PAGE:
|IBM may not be tech's sexiest company, but investors should still check out the hardware and software giant.|
ARMONK, New York ( TheStreet) -- IBM ( IBM) may not be the sexiest name in tech, but investors still have plenty of reasons to love the 100-year-old hardware and software giant. "I think that this is an industry that treasures new things; there's almost a natural tendency to devalue companies that have a history," said Charles King, president of research firm Pund-IT. "And in the IT world, there's no other company around that has the history of IBM."
From its early years selling tabulating machines, Big Blue has morphed into a 21st century powerhouse touting a vast range of tech products from mainframes and servers to a growing portfolio of software and services. Based on Monday's close, IBM has now even surpassed Microsoft's ( MSFT) market cap for the first time in 15 years, highlighting its ongoing momentum. "Large cap investors have fewer and fewer places to go; Cisco ( CSCO), HP ( HPQ), and Microsoft are on their backs, while others that are doing well have sky-high valuations such as NetApp ( NTAP), Oracle ( ORCL) and VMware ( VMW)," added another analyst, who asked not to be named. "That leaves a precious few in the middle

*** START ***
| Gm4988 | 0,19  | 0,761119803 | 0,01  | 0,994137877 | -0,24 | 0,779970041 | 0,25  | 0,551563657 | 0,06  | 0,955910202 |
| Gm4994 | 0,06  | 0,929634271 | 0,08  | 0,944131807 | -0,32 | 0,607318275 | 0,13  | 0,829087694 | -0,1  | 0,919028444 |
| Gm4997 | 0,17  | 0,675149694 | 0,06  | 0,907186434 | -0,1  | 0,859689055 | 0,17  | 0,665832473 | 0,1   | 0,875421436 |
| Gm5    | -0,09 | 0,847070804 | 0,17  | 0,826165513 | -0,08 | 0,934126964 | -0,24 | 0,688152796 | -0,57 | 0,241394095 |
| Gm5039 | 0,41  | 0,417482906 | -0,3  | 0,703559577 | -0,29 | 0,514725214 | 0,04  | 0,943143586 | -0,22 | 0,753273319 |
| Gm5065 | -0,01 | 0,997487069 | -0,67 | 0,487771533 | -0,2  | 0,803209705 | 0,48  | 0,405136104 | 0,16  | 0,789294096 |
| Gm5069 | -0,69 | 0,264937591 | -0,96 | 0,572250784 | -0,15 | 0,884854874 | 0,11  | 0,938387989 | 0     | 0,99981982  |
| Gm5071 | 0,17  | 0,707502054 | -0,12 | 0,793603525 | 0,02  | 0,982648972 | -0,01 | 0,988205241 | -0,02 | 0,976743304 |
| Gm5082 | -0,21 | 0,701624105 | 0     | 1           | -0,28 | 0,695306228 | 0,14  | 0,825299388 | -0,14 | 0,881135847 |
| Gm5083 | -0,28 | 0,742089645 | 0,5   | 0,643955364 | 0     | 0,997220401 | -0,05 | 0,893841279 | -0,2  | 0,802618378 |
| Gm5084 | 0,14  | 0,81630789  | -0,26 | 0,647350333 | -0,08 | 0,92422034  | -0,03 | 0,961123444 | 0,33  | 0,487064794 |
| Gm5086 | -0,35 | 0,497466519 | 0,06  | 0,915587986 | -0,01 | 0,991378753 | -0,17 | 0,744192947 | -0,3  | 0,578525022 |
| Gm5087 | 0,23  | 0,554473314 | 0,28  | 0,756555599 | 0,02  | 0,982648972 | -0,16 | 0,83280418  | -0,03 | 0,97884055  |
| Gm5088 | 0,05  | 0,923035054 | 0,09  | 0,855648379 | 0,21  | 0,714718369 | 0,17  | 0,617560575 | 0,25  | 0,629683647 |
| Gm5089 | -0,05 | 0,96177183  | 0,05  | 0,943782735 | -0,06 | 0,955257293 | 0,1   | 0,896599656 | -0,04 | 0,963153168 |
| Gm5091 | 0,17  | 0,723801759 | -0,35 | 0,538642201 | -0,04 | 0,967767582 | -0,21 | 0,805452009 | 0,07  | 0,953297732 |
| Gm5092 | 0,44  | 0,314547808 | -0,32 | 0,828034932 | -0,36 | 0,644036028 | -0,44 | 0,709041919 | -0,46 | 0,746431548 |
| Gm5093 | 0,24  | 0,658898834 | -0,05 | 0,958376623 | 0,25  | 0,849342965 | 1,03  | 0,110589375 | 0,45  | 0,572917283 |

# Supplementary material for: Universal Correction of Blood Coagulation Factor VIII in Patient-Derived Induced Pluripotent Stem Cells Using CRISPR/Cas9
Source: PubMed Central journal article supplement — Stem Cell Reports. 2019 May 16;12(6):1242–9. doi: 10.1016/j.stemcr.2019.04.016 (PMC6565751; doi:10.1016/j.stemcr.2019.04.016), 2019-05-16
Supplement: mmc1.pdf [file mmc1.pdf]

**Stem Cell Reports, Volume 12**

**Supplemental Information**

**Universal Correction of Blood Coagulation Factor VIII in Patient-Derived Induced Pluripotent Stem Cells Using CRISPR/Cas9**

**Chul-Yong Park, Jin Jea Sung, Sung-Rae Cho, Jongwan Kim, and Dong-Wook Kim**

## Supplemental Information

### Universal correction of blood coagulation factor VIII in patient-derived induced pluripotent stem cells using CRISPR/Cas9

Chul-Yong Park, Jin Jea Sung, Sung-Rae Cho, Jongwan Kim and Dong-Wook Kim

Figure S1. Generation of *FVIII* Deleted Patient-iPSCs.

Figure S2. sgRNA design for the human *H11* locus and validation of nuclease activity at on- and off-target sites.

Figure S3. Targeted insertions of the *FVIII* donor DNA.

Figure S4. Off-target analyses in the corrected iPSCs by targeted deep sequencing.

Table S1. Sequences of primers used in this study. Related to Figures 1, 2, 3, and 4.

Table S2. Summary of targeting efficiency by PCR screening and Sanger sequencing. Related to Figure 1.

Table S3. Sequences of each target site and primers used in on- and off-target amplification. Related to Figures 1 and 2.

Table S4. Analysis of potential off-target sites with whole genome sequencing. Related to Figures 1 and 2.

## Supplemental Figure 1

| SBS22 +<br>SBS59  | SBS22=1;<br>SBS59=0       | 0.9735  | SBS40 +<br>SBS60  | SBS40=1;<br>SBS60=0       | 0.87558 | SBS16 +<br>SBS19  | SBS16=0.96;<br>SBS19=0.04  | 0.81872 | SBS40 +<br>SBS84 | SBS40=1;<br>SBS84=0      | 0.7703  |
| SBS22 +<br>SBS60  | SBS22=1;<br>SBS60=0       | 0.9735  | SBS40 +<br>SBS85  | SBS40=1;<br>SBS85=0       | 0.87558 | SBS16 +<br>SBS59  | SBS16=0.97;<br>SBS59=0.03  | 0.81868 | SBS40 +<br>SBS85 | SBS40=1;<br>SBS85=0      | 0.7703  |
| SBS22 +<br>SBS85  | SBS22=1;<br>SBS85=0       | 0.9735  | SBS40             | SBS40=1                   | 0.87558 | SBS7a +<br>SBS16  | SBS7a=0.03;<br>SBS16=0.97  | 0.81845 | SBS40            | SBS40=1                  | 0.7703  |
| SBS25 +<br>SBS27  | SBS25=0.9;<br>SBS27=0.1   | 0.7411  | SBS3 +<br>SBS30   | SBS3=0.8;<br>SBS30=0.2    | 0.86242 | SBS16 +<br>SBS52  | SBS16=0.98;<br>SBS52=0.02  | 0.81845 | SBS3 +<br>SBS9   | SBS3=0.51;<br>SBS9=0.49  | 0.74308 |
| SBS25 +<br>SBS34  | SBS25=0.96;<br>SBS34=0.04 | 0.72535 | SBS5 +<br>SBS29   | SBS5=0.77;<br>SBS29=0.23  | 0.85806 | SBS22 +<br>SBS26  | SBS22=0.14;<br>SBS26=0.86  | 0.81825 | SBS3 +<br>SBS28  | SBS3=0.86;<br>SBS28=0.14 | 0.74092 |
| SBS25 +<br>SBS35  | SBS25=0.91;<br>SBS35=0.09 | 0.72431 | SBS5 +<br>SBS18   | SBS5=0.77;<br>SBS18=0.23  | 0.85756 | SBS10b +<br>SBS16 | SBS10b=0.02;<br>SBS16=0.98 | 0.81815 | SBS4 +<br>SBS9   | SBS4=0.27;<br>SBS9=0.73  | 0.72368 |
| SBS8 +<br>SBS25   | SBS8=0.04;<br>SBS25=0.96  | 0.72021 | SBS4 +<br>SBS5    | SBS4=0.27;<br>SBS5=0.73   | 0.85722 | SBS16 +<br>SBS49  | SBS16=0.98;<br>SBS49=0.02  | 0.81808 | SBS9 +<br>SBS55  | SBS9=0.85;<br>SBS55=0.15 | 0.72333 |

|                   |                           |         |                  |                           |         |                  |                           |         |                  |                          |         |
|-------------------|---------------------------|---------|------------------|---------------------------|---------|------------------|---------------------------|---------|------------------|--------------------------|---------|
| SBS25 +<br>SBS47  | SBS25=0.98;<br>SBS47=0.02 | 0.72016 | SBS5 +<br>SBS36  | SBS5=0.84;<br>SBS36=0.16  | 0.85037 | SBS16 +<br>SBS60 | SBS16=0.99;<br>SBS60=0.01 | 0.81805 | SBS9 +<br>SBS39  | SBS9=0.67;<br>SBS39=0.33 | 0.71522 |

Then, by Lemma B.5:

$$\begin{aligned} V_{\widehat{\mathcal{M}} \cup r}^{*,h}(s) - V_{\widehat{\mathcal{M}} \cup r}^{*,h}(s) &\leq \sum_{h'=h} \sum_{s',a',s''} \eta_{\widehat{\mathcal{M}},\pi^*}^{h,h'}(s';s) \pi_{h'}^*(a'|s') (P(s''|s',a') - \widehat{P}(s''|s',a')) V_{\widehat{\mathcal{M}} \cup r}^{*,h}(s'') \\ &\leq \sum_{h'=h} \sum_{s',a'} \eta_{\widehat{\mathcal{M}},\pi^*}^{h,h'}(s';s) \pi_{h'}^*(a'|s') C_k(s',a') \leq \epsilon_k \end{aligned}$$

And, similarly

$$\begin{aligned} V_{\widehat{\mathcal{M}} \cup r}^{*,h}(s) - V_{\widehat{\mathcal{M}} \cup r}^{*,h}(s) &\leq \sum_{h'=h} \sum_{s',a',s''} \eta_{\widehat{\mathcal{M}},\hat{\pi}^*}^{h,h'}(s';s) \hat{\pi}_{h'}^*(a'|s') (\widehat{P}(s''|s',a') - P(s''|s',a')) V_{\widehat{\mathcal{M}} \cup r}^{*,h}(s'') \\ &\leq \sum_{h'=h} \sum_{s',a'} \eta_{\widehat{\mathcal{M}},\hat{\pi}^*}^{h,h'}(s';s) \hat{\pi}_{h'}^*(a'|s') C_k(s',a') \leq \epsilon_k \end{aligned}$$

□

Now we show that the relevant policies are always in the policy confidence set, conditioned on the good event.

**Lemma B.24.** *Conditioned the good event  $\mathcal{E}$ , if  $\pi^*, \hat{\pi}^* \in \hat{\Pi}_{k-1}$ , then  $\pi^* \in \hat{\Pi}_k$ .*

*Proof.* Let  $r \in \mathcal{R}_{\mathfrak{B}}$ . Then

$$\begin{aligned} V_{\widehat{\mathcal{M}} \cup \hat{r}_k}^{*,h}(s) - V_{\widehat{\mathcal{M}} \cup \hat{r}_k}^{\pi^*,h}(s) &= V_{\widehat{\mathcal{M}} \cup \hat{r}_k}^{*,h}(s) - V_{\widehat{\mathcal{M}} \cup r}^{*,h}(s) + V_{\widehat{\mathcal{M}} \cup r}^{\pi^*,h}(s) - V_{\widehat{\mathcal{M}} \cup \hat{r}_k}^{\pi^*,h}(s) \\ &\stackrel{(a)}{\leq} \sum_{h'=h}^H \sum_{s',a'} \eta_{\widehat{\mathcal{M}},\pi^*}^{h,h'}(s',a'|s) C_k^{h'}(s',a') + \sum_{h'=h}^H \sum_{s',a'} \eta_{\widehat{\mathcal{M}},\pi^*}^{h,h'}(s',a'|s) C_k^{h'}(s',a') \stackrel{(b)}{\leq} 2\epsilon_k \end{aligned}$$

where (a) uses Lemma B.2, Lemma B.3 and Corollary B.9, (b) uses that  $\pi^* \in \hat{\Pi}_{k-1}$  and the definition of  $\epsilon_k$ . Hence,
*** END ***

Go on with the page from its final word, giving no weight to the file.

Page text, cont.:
such as IBM and EMC ( EMC)." Despite consistently strong results, though, investors still seem more inclined towards the glitz and glamour of Apple ( AAPL) or even Google ( GOOG). Over the last ten years, IBM's shares have climbed just 43% to reach $168.36, compared to a massive hike of more than 2742% at Apple. Google's stock has gained more than 378% since its 2004 IPO. The recent struggles of Cisco and HP, however, have added significantly to IBM's allure. "My view is that IBM has performed well and has a great business model compared to other large cap tech names," explained Brian Marshall, an analyst at Gleacher & Co. "Their commodity hardware revenue as a percentage of sales is only 20%, versus HP at around 50% and Dell ( DELL) at 66%." Marshall adds that IBM generates an impressive 22% of its total sales from software, pointing out that this is a high-margin, sticky, recurring business. HP, in contrast, generates just over 2% of its total revenue from software. "IBM made a big bet about five or six years ago that computing would become increasingly commoditized and that the product differentiation would be defined more and more by software," explained Pund-IT's King. "They have continued to bet big on that -- IBM is still a strong player in IT hardware, but software now dominates the company's value proposition."